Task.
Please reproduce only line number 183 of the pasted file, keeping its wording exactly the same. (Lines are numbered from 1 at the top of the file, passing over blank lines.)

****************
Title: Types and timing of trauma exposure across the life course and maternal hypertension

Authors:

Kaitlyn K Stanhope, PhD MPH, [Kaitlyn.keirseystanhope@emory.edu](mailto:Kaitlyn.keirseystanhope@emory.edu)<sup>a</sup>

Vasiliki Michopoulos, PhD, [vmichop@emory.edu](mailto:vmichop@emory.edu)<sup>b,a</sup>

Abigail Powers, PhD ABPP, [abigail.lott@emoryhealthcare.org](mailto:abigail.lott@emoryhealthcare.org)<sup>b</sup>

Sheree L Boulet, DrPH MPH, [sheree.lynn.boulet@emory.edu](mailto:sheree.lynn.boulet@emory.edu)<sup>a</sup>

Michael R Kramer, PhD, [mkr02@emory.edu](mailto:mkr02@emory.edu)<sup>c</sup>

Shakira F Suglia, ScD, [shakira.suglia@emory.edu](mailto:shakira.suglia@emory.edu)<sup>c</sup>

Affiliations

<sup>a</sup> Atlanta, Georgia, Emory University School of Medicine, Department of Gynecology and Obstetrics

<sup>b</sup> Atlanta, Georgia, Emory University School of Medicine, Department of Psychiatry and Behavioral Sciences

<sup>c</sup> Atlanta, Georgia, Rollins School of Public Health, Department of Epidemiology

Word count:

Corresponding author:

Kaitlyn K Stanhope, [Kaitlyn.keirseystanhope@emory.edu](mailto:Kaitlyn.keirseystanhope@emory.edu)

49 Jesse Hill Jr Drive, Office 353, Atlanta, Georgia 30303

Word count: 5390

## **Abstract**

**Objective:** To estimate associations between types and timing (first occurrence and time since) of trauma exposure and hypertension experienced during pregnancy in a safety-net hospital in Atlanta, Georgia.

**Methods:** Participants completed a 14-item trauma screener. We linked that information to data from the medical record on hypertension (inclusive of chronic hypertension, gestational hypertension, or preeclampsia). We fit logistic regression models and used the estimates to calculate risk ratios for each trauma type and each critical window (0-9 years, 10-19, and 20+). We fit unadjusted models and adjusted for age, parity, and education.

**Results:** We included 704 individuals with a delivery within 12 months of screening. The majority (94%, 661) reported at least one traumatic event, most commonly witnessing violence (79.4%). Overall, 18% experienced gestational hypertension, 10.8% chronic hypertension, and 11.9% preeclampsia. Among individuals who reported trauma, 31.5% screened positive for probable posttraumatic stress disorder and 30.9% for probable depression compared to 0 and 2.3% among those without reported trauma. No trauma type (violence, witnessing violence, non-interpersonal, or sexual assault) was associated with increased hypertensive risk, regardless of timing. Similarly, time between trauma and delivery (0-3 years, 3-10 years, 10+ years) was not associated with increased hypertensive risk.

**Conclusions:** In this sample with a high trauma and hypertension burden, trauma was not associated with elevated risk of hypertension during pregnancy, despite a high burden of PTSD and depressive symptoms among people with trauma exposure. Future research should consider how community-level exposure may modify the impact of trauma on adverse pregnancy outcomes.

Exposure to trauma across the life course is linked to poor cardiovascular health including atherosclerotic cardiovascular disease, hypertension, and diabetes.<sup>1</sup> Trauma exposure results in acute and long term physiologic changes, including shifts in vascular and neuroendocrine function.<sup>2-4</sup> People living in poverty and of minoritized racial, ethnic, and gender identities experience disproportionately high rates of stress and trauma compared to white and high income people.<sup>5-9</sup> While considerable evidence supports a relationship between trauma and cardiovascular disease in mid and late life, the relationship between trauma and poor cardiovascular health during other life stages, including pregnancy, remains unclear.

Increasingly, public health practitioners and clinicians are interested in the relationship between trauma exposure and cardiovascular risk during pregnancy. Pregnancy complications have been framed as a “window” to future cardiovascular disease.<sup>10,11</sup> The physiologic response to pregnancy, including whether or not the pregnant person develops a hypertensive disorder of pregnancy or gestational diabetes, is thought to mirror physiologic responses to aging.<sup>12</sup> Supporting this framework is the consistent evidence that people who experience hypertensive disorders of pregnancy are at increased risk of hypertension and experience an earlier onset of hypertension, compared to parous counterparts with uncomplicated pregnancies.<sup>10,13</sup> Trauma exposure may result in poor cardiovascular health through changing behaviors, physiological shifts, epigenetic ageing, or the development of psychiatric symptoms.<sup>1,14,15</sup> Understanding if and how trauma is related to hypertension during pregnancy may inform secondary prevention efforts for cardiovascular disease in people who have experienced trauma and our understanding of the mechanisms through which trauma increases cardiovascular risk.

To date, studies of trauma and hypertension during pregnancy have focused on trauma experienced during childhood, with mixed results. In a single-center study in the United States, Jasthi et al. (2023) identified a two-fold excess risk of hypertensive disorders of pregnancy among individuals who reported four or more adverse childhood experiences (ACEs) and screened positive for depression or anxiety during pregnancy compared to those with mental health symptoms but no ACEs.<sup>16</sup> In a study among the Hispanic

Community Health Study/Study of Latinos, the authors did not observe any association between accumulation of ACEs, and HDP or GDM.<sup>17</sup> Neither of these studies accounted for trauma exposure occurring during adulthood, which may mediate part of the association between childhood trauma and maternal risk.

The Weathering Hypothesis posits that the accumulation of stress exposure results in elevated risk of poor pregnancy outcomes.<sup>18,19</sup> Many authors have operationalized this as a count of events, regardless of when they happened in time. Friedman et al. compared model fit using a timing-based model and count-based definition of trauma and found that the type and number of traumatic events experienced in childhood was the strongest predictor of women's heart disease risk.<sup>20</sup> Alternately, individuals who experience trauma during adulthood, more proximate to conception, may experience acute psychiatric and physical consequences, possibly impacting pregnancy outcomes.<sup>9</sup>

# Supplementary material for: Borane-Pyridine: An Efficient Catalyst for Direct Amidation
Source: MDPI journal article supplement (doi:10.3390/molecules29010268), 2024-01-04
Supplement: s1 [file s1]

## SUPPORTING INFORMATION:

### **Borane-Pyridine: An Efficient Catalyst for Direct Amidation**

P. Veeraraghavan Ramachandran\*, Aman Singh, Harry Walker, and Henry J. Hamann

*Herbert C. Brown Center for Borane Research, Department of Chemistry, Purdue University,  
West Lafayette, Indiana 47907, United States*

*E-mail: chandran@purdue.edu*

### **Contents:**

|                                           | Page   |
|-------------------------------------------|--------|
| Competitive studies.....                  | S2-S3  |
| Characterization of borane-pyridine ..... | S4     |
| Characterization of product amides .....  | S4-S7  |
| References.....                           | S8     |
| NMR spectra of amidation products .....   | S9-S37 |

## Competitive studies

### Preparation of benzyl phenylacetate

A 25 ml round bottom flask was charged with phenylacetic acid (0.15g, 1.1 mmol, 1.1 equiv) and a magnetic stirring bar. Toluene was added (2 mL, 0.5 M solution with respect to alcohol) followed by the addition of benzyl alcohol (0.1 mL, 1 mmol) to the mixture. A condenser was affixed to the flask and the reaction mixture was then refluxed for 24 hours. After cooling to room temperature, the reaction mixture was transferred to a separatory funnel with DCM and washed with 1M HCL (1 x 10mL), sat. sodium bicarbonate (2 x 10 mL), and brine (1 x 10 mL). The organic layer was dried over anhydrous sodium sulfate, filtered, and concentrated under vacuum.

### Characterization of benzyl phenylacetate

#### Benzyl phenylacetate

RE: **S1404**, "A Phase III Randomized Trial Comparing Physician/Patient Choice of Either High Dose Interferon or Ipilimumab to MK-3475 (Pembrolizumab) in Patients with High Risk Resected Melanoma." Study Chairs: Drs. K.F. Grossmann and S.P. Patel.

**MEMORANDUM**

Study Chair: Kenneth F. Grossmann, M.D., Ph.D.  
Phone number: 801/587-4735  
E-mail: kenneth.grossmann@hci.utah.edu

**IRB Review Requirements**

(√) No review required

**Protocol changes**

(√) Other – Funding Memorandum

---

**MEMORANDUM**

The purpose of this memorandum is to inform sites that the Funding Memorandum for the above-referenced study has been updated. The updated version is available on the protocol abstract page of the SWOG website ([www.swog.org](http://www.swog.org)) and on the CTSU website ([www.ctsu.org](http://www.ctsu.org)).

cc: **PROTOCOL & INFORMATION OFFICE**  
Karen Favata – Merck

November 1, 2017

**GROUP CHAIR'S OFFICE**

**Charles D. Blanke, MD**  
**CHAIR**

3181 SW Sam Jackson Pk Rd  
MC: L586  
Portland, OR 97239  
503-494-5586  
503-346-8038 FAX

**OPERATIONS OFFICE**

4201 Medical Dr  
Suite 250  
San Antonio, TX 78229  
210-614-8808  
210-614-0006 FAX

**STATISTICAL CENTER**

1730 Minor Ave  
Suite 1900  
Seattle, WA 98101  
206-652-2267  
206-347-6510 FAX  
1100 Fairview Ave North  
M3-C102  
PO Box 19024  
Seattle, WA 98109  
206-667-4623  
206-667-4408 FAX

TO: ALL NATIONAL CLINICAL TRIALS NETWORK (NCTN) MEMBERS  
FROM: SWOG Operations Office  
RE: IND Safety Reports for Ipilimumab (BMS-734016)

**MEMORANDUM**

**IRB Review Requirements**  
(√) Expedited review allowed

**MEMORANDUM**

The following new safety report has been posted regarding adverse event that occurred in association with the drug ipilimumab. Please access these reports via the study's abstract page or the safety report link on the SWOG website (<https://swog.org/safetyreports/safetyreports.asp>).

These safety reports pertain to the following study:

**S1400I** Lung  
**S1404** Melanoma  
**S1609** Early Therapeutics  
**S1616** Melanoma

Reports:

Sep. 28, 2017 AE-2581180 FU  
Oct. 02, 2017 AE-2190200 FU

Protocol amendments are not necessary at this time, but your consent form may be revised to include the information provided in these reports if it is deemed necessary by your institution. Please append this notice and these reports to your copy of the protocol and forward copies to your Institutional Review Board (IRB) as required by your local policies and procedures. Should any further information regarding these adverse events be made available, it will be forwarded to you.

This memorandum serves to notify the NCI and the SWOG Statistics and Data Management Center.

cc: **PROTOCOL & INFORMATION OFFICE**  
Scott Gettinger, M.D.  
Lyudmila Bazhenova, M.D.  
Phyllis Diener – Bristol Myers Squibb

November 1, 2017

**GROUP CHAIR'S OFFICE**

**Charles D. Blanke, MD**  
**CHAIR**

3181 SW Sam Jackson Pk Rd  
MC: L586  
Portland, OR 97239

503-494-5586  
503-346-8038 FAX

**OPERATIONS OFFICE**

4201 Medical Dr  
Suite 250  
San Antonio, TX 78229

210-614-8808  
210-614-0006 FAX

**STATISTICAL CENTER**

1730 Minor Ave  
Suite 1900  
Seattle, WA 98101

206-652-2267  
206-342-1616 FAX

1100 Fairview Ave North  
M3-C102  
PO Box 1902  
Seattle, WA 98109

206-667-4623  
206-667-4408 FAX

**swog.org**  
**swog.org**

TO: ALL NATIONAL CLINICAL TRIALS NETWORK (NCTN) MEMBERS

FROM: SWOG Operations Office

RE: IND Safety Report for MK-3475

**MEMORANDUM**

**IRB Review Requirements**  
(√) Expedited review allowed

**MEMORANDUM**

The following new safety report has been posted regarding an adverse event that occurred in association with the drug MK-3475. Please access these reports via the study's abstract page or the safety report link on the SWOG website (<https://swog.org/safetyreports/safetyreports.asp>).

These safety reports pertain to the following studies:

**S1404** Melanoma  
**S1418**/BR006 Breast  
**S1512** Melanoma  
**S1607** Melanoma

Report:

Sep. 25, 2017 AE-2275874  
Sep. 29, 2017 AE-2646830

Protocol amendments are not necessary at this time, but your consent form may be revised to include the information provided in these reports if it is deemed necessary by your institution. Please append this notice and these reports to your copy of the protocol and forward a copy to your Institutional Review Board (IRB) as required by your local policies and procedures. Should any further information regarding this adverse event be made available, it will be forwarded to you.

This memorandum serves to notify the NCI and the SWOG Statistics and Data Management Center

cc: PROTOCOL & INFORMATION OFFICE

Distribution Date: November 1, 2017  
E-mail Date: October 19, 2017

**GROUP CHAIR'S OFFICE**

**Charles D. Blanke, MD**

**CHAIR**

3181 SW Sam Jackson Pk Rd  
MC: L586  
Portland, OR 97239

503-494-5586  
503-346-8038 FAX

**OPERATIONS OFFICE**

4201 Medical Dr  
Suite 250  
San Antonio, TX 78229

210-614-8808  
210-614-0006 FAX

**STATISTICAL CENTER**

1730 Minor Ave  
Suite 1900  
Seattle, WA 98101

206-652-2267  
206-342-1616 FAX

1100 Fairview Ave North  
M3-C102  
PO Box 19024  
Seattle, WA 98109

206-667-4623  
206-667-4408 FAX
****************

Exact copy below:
1100 Fairview Ave North  